Murdo Fraser is leading calls for a public inquiry into the Crown Office after the Lord Advocate admitted to malicious prosecution of the administrators of Rangers Football Club.
Former Rangers administrators David Whitehouse and Paul Clark, of corporate restructuring firm Duff and Phelps, were prosecuted on suspicion of fraud following Craig Whyte’s takeover in 2011.
In a statement to the press, Mr Fraser said, “a full public inquiry is absolutely vital to ensure the public see exactly what went wrong and why”.
The Scottish Conservatives shadow finance secretary then asked Finance Secretary Kate Forbes what impact the inquiry would have on the Crown Office budget.
Various former administrators and directors from Rangers FC are claiming compensation that could rise to £100 million, according to reports.
Mr Whitehouse and Mr Clark have reportedly been awarded their share of compensation, worth £21m.
A further £3m was awarded to Mr Whitehouse and Mr Clark in legal expenses.
In parliament on Tuesday, Mr Fraser asked Ms Forbes where the money is coming from.
The Crown Office’s entire budget in 2019-20 was £120m.
In response, Ms Forbes said, “Arrangements have been made so that the settlements of these cases will not affect the operational effectiveness of the Crown Office and Procurator Fiscal Service (COPFS).”
‘This case is an absolute scandal’
Mr Fraser added that the administrators were “treated like terrorists”. He later compared the saga to one that could occur in Russia.
In an article in The Sunday Post, Mr Whitehouse said that he spent six days in a jail cell without a bed, on a concrete floor.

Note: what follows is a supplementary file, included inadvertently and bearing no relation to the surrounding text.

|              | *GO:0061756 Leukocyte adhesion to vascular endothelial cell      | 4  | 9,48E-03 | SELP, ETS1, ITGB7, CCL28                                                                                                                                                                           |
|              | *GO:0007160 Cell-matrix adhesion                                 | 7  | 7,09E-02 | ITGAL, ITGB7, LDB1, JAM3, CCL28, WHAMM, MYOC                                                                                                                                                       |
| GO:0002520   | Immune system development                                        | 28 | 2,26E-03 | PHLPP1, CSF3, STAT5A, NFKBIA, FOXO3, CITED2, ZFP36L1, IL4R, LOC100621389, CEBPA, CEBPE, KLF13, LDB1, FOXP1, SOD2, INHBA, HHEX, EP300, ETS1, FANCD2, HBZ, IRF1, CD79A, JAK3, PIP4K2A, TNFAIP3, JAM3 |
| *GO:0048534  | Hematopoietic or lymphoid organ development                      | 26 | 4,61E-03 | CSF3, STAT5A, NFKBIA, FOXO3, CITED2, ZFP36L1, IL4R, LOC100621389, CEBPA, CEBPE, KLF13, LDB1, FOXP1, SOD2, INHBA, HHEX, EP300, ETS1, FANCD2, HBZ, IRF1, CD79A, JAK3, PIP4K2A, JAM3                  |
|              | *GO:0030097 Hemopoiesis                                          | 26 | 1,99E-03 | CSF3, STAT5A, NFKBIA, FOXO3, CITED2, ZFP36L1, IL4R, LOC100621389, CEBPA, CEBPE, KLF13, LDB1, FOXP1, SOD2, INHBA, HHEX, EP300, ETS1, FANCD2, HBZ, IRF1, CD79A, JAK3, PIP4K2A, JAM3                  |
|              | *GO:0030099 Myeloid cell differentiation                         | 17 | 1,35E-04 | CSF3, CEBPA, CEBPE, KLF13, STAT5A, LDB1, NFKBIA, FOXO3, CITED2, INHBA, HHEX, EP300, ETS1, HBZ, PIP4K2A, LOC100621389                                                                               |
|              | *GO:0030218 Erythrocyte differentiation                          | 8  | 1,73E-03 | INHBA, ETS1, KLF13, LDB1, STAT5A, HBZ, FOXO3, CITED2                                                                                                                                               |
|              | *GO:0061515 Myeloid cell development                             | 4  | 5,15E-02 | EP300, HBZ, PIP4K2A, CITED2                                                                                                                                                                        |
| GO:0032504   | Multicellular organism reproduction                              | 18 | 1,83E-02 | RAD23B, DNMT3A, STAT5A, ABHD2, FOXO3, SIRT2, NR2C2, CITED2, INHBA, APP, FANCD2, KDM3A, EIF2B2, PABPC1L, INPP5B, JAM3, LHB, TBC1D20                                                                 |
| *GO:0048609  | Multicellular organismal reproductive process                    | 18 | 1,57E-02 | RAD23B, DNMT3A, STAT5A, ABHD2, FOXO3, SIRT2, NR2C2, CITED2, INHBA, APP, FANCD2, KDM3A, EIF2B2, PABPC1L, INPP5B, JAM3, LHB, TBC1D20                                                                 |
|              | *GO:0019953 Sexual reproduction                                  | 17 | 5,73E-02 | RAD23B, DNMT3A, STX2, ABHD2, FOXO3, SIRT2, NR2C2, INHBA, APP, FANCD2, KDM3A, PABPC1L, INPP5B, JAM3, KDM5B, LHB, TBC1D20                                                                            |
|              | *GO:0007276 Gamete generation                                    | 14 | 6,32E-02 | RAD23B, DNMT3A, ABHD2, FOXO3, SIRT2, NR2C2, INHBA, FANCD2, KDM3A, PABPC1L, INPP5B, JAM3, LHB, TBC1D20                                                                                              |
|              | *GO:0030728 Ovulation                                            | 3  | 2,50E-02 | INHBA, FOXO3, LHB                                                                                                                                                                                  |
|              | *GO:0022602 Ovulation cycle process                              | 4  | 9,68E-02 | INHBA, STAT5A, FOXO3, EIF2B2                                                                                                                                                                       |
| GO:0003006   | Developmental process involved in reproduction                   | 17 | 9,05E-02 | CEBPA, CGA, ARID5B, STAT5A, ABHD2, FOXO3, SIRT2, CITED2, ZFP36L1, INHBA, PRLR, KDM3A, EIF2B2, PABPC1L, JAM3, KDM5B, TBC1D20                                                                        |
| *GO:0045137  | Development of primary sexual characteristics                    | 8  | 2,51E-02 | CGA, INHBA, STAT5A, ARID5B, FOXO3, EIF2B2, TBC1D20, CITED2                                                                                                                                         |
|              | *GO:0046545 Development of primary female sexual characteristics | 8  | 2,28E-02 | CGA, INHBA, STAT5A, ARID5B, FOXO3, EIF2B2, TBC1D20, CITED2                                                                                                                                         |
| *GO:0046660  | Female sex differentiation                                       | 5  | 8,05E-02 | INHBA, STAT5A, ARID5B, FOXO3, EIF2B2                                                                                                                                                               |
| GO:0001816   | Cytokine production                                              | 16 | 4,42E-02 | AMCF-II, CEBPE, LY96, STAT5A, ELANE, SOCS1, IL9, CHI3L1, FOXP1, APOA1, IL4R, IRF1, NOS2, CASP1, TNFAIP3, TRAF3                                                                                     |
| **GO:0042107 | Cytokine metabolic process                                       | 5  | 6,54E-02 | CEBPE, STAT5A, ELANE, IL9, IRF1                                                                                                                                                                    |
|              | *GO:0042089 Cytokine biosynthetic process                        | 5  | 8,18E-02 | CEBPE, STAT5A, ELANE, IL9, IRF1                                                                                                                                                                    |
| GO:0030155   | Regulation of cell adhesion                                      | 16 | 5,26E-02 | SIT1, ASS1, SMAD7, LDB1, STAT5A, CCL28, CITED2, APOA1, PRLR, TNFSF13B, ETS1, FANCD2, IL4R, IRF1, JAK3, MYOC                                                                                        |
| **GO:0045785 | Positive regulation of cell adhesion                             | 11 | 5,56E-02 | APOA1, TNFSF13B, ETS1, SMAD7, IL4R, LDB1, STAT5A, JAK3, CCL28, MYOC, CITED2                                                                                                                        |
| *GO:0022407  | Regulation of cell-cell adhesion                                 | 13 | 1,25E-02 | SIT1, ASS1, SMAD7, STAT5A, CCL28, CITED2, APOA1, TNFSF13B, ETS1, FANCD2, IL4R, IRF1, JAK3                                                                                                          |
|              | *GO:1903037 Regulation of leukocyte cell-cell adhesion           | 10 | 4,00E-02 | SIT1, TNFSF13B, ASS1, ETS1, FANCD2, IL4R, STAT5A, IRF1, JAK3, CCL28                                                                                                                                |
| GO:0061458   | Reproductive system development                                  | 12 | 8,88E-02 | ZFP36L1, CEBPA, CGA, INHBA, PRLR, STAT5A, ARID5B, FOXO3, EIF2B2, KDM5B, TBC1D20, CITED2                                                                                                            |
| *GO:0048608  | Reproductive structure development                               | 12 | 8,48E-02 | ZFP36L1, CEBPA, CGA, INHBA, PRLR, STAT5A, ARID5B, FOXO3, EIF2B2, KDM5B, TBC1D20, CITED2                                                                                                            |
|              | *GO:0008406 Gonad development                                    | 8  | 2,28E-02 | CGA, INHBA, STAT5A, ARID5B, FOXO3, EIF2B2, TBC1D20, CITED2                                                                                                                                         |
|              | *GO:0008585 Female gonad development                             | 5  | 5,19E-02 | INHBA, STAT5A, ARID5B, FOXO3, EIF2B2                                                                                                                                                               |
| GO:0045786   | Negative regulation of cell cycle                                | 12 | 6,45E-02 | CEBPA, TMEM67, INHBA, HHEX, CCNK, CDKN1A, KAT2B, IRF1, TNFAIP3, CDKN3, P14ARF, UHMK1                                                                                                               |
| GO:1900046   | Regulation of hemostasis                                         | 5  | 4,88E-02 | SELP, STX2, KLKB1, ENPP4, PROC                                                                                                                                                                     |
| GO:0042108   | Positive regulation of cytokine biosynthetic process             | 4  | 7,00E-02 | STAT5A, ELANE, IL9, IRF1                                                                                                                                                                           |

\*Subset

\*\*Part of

This is what we might see in Putin’s Russia”
Murdo Fraser MSP
Mr Fraser said, “This case is an absolute scandal. Innocent individuals were treated like terrorists.
“They were arrested, held in police custody, risked imprisonment and financial ruin. They committed no crimes and there was no evidence of any significance against them.
“This is what we might see in Putin’s Russia, not in 21st Century Scotland,” he added.
Mr Fraser went on to ask: “Does the Scottish Government now accept that the only way to get the answers here is to have a full, independent, judge-led public inquiry?
Ms Forbes confirmed in her response that the Lord Advocate will make a statement in parliament in due course.
She said: “The Lord Advocate intends to make a statement to the Scottish Parliament at the earliest opportunity”.
Lord Advocate James Wolffe took over the role from Frankie Mulholland in 2016, after Mr Mulholland had dropped the case.
Despite there being a lack of evidence against Mr Whitehouse and Mr Clark, Mr Wolffe continued to fight the case until 2020.
‘Those responsible should be held to account’
Mr Whitehouse says that he expects answers from Mr Mulholland as to why the investigation was launched in the first place.
While Mr Wolffe has apologised to both administrators, Mr Whitehouse claims the Crown Office did not own up to any of its mistakes and was attempting to pay them off.
The former administrator now wants those in the wrong to be held accountable for their actions.
He said: “I believe that those responsible should be held to account.
“I struggle with the concept that you can wilfully, intentionally and maliciously prosecute people with no evidential basis and not cross the boundary into criminality.”
Charles Green, former chief executive of Rangers, and Imran Ahmed, a former director, are also seeking damages. The pair are seeking £20m each, after receiving apologies from the Crown Office.
David Grier, another administrator for Duff and Phelps, is also suing the Crown Office and Police Scotland for £9m and £5m, respectively.